As I researched, I found multiple images or descriptions of religious rituals like candle lighting, b’nei mitzvah celebrations, prayer etc. that linked these religious symbols forcibly to BRCA. I saw a woman who tested positive for BRCA and underwent surgery as she lit candles for a Jewish holiday. I saw a Jewish mother praying for recovery at the tomb of Rachel. Although these images are incredibly powerful, they link together two things that are really not connected. Religious Judaism has nothing to do with BRCA. A woman can test positive for BRCA whether she is Jewish or not. And a Jewish woman can test positive for BRCA even if she has completely rejected Judaism and its religious symbols. The connection between BRCA and Judaism has to do with the fact that for centuries Ashkenazi Jews married within small communities and were isolated from the general population. Last time I checked, having a bat mitzvah did not make a woman particularly predisposed to breast or ovarian cancer.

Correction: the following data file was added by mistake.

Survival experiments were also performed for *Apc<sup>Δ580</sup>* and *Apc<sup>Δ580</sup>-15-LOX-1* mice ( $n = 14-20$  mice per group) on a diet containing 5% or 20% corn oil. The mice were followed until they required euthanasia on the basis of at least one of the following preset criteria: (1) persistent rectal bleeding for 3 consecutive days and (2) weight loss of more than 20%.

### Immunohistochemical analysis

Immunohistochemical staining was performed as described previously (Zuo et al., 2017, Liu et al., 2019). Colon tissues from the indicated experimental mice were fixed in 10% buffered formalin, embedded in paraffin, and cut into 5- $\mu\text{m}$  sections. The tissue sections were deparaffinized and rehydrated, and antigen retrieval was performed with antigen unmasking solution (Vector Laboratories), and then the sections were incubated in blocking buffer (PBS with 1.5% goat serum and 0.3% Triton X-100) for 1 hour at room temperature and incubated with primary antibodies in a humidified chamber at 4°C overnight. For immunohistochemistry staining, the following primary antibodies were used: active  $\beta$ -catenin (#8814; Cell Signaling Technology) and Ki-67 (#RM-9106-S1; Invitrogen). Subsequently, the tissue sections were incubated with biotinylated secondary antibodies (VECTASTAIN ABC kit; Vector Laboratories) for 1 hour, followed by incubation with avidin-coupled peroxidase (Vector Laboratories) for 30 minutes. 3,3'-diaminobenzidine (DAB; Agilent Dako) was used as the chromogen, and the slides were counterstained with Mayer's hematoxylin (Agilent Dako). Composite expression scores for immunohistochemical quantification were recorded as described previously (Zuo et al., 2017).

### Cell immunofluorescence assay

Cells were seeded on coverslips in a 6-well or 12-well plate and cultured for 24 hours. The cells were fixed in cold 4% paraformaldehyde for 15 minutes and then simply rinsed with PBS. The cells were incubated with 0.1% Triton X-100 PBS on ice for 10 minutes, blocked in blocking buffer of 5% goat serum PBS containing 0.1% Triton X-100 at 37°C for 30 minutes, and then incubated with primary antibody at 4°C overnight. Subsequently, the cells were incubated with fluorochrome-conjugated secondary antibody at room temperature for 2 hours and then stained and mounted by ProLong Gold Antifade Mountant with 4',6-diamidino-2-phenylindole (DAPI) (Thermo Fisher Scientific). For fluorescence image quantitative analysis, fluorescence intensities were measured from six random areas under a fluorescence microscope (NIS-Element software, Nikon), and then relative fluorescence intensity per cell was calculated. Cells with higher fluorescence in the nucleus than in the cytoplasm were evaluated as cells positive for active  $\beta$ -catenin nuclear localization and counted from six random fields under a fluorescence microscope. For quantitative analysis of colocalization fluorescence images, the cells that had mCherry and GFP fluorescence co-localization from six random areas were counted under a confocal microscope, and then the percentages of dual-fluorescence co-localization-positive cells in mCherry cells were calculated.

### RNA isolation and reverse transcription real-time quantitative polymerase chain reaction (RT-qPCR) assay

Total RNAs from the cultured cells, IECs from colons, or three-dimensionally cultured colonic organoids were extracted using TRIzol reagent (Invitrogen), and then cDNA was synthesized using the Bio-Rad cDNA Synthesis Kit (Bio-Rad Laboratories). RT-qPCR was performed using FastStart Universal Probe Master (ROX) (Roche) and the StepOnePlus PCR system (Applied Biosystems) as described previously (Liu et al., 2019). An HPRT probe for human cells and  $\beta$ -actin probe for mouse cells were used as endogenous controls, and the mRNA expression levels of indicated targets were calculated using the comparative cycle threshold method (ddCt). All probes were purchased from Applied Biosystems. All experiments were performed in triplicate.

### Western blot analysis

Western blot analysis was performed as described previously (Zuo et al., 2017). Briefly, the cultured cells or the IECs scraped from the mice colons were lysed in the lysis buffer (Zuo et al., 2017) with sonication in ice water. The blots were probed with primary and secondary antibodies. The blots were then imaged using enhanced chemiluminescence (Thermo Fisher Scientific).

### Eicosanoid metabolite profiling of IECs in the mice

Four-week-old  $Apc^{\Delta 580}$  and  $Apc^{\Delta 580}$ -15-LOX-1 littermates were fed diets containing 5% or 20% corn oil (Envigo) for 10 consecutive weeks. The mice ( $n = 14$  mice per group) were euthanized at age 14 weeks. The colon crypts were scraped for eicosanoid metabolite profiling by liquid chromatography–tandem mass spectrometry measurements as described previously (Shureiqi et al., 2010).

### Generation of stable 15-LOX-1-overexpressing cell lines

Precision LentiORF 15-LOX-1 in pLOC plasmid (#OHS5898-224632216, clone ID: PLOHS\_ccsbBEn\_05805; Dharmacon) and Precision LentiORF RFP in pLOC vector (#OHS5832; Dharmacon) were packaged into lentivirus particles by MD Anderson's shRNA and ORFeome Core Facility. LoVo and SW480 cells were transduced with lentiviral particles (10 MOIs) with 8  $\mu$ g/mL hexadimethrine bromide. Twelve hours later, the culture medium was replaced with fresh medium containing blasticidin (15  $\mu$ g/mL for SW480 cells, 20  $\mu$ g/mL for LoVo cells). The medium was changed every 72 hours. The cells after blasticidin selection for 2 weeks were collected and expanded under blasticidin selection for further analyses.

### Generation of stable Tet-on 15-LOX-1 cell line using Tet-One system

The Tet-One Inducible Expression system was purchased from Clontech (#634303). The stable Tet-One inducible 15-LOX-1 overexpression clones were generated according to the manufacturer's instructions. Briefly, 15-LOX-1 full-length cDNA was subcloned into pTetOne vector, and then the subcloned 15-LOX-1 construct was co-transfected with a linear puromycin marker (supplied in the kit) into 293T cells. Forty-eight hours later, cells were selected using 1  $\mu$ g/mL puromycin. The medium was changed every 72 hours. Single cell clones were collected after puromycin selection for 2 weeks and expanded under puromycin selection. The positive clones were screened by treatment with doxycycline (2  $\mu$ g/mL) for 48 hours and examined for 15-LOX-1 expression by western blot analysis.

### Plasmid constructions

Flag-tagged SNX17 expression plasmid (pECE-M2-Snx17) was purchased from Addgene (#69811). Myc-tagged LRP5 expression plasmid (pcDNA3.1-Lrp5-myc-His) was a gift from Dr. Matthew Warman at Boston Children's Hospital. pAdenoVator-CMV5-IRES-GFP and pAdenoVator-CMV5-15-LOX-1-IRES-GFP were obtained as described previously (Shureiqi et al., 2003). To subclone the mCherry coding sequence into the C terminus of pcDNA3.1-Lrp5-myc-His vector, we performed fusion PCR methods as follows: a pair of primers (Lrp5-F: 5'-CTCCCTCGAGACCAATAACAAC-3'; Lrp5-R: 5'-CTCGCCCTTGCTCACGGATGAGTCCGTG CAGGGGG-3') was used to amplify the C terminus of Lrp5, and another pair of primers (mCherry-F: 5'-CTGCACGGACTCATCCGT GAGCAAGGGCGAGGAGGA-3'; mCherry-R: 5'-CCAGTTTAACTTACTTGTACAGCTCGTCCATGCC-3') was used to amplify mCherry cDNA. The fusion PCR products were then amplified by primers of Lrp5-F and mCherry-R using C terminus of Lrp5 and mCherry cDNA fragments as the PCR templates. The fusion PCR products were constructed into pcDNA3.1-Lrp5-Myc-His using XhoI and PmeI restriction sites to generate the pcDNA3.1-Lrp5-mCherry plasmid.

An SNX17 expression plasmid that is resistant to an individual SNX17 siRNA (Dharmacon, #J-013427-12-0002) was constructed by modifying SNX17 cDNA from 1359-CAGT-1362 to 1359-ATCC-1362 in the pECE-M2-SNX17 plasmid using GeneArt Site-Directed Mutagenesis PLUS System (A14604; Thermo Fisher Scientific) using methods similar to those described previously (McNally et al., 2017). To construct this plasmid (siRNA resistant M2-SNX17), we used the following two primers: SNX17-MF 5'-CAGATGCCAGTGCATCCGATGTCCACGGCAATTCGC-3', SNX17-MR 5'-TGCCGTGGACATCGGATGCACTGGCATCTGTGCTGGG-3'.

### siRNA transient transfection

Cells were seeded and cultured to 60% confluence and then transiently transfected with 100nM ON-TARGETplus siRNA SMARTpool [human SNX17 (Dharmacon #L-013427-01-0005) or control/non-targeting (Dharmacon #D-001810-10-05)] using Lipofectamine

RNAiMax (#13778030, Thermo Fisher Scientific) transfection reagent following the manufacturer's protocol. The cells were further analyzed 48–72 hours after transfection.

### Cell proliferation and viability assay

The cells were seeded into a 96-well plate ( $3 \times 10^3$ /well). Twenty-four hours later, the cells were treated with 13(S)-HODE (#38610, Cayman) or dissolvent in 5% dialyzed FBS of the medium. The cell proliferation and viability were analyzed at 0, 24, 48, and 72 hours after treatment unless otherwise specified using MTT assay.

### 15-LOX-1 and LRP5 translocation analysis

I also realized that these images depicted the Jewish woman as religious, connected to Judaism. She also often had children and worried about how the mutation might affect them. Sometimes she worried about her marriage prospects. Rarely were women shown worrying about how a positive diagnosis for BRCA might affect her job. I never saw a discussion of what it might be like to live with BRCA without the support of a family.

Jewish genetics is a hot topic. The health of the Jewish people (and honestly, all people) is obviously of the utmost importance. But, I think most people recognize that Jewish health is disconnected from Jewish religious observance. A woman could undergo treatment for cancer or for a host of other “Jewish diseases” whether or not she prays three times a day or her favorite meal is a bacon cheeseburger. The serious medical issues surrounding BRCA could affect all Jewish women (and men). And, I sincerely hope, that my Hebrew school students feel as included in the discussion of BRCA and other Jewish genetic diseases even if they continue to prefer Kanye West to Shlomo Carlebach.

ranana_dineRanana Dine is a summer intern at HBI and a rising junior at Williams College. Her research at HBI concerns the visual symbols used to convey information about the BRCA gene.

Making Camp Memories

by Amy Sessler Powell

As I prepare for Visiting Day at Camp Tevya in Brookline, N.H., I reflected on my camp pickup from last summer.